• backprop

    I can’t really comment too much as there isn’t a policy or website to analyze.

    That said, it sounds like it was a last-minute cancellation (based on the OP’s letter), and 25% doesn’t sound bad at all to me.

    I think playing the “Three of Bills Are Piling Up” card is unnecessary and do little to bolster the OP’s case.


  • While I sympathize with the OP, surely she knew that a last minute cancellation would incur some kind of penalty from the hotel for (likely) not being able to sell the room. Hard to know whether $400 was excessive when we don’t know how many nights that represents and how full the hotel was (ie. was it peak season?) If it worked out that she didn’t have to pay any penalty at all, kudos. But I think it’s a case of the property backing down and even taking a loss to avoid bad publicity (and they didn’t even get a mention!) rather than do what’s probably fair and charge at least one night’s fee. And yeah, I’d be very reticent to book through a non-professional like a NY yoga center that cobbled the package together…

  • commentfromme

    You handled it correctly and the Yoga Center did the right thing.  Glad they  accepted their responsibility. Good resolution. 

  • Raven_Altosk

     Maybe use tags on the post instead?

  • TonyA_says

    Re: I was never advised of the retreat center’s cancellation fees.

    Since cancellation fees are LIQUIDATED DAMAGES, then the customer must be advised about it before s/he can agree to it.
    If the OP never was advised then she could not consent to it and therefore does not owe it. Am I missing something to this legal concept?

  • Raven_Altosk

    Ugh. I want to be sympathetic to the OP, but I really can’t, especially after the “tight financial situation” line. I used to say, “Don’t spend money on a non-refundable trip you can’t afford to lose.” And I think that applies here.

    I only booked ONE dive tour through a dive shop/club. I never did that again. The hotel was substandard, the equipment rental that was “included” really wasn’t, and a lot of people on the tour weren’t savvy travelers and kept making stupid tourist mistakes. You know, falling for the “currency exchange” at the airport despite my telling them it was a rip off. And then getting mad when they realized I was right?! (I’ve done this a few times, k?)

    Anyway, she got her $400 back, so she should be happy.

    And now, since I have the day off and I’m not traveling, the baby and I are going to play some video games.

  • LFH0

     The issue is not so much whether 50 percent (or for that matter, any other percentage) is a reasonable amount. The issue is what were the terms of the agreement. There’s enough reported here for me to assess what those terms were.

  • LeeAnneClark

    It sounds to me as if the property itself didn’t back down, but the yoga center ponied up.  Which, given the facts presented, was the right outcome:  regardless of whether the cancellation policy is reasonable or not, it needs to be disclosed in advance.  In this case, the yoga center openly admitted that it didn’t do so clearly.  Hence, it’s their mistake, and they needed to make it right with their customer.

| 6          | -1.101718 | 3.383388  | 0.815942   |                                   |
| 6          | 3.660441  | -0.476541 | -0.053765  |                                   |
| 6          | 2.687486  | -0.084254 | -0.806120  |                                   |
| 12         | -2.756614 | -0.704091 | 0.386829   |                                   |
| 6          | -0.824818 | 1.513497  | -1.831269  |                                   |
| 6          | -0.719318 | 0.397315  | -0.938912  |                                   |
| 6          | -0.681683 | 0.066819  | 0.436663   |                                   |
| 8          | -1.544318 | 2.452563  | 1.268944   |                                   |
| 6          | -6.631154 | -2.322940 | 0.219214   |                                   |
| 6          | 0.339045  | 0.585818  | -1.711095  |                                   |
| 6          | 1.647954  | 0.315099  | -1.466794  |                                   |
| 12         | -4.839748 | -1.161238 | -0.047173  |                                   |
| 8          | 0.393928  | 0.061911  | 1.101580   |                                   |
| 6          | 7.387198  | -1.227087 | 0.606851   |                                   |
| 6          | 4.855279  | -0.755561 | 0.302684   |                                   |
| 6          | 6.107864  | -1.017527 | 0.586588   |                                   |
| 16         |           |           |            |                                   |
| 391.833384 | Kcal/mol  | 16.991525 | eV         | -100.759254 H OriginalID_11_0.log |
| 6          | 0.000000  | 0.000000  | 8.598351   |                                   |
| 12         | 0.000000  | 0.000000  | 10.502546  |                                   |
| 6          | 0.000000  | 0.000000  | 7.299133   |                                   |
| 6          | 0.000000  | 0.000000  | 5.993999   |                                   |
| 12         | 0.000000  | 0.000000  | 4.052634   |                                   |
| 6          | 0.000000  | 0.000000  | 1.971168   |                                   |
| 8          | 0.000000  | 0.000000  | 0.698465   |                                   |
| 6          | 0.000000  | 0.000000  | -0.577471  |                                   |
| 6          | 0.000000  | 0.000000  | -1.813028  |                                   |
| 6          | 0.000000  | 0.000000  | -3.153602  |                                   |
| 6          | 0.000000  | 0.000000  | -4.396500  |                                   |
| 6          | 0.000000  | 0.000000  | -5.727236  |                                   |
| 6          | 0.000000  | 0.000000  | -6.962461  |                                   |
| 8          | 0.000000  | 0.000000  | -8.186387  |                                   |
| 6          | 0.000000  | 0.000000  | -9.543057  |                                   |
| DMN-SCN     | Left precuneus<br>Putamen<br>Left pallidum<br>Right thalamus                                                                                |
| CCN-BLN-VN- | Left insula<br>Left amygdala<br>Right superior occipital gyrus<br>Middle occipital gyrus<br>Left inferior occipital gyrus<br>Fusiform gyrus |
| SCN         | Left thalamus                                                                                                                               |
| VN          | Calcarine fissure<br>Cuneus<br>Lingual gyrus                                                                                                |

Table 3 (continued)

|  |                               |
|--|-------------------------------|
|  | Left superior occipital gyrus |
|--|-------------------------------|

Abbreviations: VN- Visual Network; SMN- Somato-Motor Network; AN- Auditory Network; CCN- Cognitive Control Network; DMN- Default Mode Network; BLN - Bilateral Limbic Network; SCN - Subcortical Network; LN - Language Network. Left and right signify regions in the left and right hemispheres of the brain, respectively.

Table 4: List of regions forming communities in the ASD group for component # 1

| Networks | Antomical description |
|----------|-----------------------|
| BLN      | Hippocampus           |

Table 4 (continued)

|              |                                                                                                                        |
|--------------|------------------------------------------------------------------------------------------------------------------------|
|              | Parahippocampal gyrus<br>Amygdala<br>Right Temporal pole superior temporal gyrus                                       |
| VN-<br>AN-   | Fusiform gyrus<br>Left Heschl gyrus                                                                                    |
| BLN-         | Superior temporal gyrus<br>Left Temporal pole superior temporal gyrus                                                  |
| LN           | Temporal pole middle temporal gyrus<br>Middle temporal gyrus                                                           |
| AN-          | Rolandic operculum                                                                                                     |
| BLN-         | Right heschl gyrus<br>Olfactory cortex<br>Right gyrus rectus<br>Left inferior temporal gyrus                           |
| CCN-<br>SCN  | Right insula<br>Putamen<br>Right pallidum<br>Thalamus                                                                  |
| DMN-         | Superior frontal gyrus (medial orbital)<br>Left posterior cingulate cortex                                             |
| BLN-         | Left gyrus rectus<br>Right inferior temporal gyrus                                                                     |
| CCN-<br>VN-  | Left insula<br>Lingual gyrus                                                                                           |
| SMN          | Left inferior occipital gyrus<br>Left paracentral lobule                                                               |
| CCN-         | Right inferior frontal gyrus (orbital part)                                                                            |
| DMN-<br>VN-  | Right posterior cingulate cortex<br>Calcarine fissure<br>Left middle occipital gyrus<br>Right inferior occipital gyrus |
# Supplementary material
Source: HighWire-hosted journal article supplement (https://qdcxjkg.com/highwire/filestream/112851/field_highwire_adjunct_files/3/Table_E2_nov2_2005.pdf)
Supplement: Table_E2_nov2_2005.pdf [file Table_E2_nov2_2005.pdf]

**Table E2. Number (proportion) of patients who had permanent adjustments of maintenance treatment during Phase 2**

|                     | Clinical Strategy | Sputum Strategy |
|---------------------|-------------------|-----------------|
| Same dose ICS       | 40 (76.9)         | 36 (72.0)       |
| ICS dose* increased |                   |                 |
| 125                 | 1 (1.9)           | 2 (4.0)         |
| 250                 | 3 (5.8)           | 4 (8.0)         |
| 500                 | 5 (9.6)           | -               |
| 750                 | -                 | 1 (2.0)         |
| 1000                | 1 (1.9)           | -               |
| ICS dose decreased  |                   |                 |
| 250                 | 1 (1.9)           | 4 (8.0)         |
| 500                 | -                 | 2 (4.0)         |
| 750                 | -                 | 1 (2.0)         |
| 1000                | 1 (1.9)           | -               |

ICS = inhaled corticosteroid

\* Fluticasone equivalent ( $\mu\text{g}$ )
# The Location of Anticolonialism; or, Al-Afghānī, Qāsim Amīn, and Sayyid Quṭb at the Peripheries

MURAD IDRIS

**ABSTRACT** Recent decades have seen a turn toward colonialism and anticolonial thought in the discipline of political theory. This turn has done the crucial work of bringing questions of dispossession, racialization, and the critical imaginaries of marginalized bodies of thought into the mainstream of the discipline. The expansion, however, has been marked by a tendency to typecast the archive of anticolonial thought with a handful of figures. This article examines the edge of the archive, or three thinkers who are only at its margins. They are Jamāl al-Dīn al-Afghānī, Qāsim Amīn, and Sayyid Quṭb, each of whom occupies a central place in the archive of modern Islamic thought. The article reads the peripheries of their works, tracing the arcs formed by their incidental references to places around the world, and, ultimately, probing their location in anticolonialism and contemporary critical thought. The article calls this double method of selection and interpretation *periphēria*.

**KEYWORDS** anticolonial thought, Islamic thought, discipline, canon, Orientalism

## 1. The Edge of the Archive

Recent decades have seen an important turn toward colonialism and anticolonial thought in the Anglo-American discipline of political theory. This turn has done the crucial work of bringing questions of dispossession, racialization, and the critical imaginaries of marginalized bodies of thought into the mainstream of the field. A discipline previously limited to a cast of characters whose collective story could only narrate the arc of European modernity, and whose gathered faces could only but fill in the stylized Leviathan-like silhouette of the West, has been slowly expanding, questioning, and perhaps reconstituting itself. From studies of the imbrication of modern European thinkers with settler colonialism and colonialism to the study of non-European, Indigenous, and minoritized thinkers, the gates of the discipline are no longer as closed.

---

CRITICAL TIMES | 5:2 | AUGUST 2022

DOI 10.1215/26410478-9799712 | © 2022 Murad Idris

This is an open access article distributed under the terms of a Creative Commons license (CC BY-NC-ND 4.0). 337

And no, not every hotel will charge a penalty.  Many hotels, in fact, DON’T.  Many hotels allow cancellation up to the last day.  If it was not disclosed that the reservation was non-refundable, then she was entitled to all her money back.

    I do agree I would be reticent to book a trip through a yoga center…and if I did, I would certainly want all details in writing in advance.

  • LeeAnneClark

    I agree.  However, I believe the situation here is that the yoga center made the booking, knew about the cancellation fee, and didn’t disclose the cancellation fee to the customer.

    Hence, the right outcome occurred.  The yoga center made the mistake, and did the right thing by reimbursing the customer.

  • LeeAnneClark

    I hear ya, Raven.  We’ve all gotten sick and tired of the “I’m a special snowflake because I have these problems and so I deserve my money back more than others who don’t have these problems.”

    I keep waiting to hear from someone who says “I’d like my money back, but in all honesty I’m quite wealthy so don’t really care, but hey Christopher, if you can get it back for me that would be way cool.”

    Don’t think that’s gonna happen, tho.  ;-)

    Seriously, though, just looking at the bare facts (and ignoring the human aspect), she made the purchase through the yoga center, which neglected to inform her of the cancellation fee.  Hence, she deserved all of her money back.  Which she got, from the yoga center.  Right outcome.

  • TonyA_says

    Re: Not only am I in a tight financial situation with hospital bills piling up.

    I think this matters.

    There are two kinds of travel distribution. The new kind – one based on online and rather anonymous players and interactions. And the old kind – one based on face to face interactions between people have some relationship with each other.

    The new kind is quick, efficient and very transactional in nature. You cancel, you pay this. You change, you pay this. You no show, you lose everything. No one is interested to know why you cancelled, needed to change or failed to show up. Rules are rules. After all, the rules are programmed into these online computer systems.

    In the old kind, experienced and empowered workers and managers have some latitude and know how to work around the system. People are there to